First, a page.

India has limited public gatherings and closed certain schools in the state of Kerala, in the south of the country, after the death of two people from Nipah virus, a deadly virus transmitted by bats or pigs, authorities announced on Thursday.

There is no vaccine or treatment for this virus, which has a mortality rate ranging from 40% to 75%, according to the World Health Organization (WHO).

Symptoms include high fever, vomiting, and respiratory infection. Severe cases can lead to fatal encephalitis and coma.

Three other people have tested positive and more than 700 people, including 153 healthcare workers, are under observation after having been in contact with the infected individuals, according to health authorities.

– What is Nipah virus? –

The first Nipah epidemic was recorded in 1998 after the virus spread among pig farmers in Malaysia. The virus is named after the village where it was discovered in Southeast Asia.

Outbreaks of this virus are rare, but Nipah has been listed by the World Health Organization (WHO) – along with Ebola, Zika, and Covid-19 – as one of many diseases deserving priority research due to their potential to cause a global epidemic. Nipah is usually transmitted to humans through animals or contaminated food, but it can also be transmitted directly between humans.

Fruit bats are the natural carriers of the virus and have been identified as the most likely cause of subsequent outbreaks.

Symptoms include intense fever, vomiting, and respiratory infection. Severe cases can involve seizures and brain inflammation leading to coma.

There is no vaccine for Nipah virus. Patients have a mortality rate ranging from 40% to 75%, according to WHO.

– What about previous epidemics? –

The first Nipah epidemic killed over 100 people in Malaysia and led to culling one million pigs in an attempt to contain the virus.

It also spread to Singapore, with 11 cases and one death among abattoir workers who came into contact with imported pigs from Malaysia.

Since then, the disease has mainly been reported in Bangladesh and India, with both countries experiencing their first epidemics in 2001. Bangladesh has been the hardest hit in recent years, with over 100 deaths from Nipah since 2001.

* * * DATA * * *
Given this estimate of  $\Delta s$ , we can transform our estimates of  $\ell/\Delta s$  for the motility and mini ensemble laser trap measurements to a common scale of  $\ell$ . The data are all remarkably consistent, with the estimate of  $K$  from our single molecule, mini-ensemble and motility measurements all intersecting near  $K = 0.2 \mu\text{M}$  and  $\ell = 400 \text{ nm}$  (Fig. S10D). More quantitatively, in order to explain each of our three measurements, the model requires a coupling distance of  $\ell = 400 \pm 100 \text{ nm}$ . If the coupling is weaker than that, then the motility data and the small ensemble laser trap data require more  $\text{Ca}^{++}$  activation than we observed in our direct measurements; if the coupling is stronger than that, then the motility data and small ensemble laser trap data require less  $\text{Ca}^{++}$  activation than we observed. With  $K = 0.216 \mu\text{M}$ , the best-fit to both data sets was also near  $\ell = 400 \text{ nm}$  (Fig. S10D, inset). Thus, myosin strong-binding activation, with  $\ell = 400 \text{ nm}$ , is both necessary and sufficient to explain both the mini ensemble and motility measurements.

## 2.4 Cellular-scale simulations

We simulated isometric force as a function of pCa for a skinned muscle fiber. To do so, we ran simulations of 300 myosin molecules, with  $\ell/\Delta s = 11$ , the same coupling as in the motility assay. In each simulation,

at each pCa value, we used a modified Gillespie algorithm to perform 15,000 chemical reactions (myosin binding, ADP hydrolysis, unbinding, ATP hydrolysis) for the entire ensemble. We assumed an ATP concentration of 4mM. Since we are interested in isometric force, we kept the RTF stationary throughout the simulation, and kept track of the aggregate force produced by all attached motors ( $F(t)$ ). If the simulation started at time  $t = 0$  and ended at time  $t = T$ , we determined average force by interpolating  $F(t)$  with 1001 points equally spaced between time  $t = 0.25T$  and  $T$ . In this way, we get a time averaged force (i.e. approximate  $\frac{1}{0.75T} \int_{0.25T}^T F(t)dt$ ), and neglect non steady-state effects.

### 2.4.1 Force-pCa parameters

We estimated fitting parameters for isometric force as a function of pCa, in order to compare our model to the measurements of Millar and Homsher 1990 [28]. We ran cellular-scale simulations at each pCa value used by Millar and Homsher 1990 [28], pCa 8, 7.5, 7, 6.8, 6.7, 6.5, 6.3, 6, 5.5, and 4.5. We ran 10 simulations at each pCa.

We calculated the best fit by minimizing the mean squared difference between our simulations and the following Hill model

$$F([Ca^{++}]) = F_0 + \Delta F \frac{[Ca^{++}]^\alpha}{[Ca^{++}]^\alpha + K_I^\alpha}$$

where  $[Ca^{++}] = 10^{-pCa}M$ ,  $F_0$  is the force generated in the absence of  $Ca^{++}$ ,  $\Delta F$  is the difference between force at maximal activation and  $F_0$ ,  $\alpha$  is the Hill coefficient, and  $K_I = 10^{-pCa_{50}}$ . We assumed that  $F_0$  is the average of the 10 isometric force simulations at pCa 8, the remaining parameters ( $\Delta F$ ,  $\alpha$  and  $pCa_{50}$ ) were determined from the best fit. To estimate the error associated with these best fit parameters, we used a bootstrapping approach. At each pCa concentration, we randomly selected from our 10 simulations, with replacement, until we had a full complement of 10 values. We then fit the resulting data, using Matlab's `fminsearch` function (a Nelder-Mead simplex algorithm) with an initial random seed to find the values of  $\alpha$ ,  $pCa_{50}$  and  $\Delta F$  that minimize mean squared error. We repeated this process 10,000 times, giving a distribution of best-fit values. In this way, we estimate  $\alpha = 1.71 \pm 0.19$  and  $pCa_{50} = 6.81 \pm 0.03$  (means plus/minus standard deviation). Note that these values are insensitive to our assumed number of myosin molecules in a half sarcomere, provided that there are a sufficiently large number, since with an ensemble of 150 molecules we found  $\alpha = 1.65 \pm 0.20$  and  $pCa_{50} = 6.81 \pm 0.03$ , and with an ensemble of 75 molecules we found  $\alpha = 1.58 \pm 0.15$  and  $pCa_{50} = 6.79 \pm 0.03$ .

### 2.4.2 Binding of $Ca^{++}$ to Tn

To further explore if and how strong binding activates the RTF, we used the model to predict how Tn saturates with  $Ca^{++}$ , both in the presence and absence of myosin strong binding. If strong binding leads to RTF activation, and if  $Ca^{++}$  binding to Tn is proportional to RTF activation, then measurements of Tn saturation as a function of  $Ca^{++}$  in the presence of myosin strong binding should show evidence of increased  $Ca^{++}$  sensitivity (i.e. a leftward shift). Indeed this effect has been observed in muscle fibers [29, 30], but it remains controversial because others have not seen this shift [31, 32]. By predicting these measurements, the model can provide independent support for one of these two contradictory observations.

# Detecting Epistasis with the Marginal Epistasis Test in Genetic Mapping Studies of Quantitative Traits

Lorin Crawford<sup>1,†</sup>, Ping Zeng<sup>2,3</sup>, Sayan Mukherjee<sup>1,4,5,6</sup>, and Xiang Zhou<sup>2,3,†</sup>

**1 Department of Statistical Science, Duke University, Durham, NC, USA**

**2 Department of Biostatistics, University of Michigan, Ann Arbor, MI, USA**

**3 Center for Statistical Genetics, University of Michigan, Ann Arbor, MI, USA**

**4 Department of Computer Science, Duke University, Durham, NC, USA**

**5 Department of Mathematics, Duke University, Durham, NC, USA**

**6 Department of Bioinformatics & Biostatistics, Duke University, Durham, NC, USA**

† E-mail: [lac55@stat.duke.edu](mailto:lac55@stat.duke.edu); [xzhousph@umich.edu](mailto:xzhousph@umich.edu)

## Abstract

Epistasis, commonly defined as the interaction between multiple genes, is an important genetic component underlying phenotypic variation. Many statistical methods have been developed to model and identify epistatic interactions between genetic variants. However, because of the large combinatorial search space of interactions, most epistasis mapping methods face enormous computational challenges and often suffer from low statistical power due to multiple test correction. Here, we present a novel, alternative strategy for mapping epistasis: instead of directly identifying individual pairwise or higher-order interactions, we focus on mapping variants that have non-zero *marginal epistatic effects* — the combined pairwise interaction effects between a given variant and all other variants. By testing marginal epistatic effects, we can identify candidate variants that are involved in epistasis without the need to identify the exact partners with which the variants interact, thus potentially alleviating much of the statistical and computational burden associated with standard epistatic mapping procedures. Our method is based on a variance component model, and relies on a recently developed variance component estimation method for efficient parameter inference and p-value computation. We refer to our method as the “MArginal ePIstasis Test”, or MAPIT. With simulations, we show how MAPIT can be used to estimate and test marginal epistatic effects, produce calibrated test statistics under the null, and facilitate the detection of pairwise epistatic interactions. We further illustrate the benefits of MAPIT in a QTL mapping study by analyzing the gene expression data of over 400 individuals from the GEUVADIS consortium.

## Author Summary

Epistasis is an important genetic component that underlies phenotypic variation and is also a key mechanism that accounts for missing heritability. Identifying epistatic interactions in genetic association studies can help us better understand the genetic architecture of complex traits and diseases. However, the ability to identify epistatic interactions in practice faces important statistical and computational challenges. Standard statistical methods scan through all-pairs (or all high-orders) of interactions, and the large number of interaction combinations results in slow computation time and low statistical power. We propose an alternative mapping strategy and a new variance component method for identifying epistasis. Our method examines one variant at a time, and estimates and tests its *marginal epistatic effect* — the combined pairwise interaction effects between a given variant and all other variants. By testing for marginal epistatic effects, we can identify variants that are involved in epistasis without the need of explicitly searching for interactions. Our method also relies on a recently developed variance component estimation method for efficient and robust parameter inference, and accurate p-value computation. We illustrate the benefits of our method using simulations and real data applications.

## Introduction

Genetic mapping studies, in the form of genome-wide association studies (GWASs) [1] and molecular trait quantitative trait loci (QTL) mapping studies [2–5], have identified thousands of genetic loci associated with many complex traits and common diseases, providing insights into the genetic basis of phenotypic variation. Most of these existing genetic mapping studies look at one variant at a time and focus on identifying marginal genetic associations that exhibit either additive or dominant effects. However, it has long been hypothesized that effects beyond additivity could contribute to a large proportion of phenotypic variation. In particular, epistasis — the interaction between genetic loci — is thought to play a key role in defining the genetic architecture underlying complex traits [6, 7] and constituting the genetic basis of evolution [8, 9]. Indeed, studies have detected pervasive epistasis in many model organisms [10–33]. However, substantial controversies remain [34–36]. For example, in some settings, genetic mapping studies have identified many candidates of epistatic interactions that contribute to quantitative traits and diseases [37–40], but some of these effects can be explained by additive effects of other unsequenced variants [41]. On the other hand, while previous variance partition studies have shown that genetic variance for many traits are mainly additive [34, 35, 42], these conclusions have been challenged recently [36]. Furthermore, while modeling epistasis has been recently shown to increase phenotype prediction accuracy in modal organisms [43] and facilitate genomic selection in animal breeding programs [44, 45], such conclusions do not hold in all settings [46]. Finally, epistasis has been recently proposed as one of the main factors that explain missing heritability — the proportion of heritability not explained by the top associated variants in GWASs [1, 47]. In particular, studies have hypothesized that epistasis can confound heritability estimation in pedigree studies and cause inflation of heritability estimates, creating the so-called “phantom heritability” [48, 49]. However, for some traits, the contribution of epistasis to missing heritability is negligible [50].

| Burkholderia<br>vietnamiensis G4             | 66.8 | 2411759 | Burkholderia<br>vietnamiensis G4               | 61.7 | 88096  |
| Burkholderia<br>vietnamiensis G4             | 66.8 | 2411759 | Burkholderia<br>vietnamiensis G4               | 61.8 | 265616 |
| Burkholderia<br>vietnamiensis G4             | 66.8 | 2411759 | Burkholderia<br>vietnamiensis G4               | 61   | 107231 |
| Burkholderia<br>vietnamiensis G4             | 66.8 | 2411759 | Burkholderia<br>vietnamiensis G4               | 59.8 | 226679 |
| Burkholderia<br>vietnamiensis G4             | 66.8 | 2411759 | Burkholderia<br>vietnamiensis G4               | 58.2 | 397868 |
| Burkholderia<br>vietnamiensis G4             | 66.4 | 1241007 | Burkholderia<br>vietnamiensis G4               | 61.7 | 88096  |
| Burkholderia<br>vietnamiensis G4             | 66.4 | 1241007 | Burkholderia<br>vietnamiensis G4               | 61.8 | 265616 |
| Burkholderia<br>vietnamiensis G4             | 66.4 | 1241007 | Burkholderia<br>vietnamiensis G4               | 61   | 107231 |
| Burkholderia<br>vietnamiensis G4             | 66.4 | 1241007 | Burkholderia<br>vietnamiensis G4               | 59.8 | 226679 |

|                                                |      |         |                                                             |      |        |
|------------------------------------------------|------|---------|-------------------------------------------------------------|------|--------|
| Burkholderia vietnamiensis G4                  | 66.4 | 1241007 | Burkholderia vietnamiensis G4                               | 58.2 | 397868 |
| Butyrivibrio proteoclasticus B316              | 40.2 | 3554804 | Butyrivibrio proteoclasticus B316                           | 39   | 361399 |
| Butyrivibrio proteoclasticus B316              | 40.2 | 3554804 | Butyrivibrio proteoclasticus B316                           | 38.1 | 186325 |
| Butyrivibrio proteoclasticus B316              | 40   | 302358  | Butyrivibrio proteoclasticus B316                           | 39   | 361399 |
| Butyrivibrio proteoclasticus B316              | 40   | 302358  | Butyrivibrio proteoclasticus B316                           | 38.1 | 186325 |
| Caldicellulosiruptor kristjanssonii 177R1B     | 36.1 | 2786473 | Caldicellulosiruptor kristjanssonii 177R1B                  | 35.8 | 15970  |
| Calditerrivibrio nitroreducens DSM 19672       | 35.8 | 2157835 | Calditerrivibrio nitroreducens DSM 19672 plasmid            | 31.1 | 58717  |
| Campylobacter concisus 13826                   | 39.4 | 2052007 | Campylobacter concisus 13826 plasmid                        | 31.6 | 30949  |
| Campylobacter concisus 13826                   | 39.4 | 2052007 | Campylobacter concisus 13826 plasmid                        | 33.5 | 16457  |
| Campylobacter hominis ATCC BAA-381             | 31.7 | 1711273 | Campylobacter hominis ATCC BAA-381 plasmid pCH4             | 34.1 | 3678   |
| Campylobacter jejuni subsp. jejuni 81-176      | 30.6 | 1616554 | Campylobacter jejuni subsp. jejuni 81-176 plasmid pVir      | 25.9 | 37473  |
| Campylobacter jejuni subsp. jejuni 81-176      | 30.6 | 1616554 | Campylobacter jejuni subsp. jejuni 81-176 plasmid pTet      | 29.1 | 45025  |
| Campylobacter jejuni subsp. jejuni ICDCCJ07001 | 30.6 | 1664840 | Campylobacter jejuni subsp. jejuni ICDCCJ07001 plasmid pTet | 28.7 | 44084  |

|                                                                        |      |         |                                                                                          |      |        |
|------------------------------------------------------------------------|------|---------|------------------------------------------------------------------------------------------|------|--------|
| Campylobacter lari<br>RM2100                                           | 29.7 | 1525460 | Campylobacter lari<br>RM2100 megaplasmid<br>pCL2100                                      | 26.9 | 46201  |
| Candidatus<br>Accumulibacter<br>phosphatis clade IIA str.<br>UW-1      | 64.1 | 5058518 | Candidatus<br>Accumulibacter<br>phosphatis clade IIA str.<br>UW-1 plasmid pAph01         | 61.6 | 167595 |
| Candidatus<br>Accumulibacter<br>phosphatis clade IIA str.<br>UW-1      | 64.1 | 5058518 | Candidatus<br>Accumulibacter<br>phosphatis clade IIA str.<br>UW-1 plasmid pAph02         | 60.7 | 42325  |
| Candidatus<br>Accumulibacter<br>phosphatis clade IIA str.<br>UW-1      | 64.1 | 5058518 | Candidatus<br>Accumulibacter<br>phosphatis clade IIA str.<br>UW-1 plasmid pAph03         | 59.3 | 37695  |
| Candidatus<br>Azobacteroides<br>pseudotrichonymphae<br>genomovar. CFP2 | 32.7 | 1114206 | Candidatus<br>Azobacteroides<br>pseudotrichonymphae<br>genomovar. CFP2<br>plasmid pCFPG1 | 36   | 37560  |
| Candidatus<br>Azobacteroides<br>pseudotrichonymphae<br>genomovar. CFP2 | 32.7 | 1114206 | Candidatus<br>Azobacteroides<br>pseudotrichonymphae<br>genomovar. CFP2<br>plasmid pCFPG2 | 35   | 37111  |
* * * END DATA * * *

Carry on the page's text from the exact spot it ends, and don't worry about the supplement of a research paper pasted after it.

Two epidemics in India have killed more than 50 people before being brought under control.

This latest Nipah epidemic marks the fourth wave in Kerala in five years. The virus killed 17 people during an initial appearance in 2018.

– Increasing animal-to-human transmissions? –

Zoonoses – diseases transmissible from animals to humans – have existed for thousands of years but have multiplied over the past 20-30 years.

The development of international travel has allowed them to spread more rapidly. By occupying increasingly large areas of the planet, humans also contribute to disrupting ecosystems and increasing the likelihood of random viral mutations transmissible to humans, experts say.

Industrial agriculture increases the risk of pathogen transmission between animals, while deforestation increases contacts between wildlife, domestic animals, and humans.

By mixing more frequently, species will transmit their viruses more often, facilitating the emergence of new diseases potentially transmissible to humans. Climate change will push many animals to flee their habitats towards more habitable lands, warned a study published in the scientific journal Nature in 2022.

According to estimates published in the journal Science in 2018, there are believed to be 1.7 million unknown viruses among mammals and birds, of which 540,000 to 850,000 could have the ability to infect humans.

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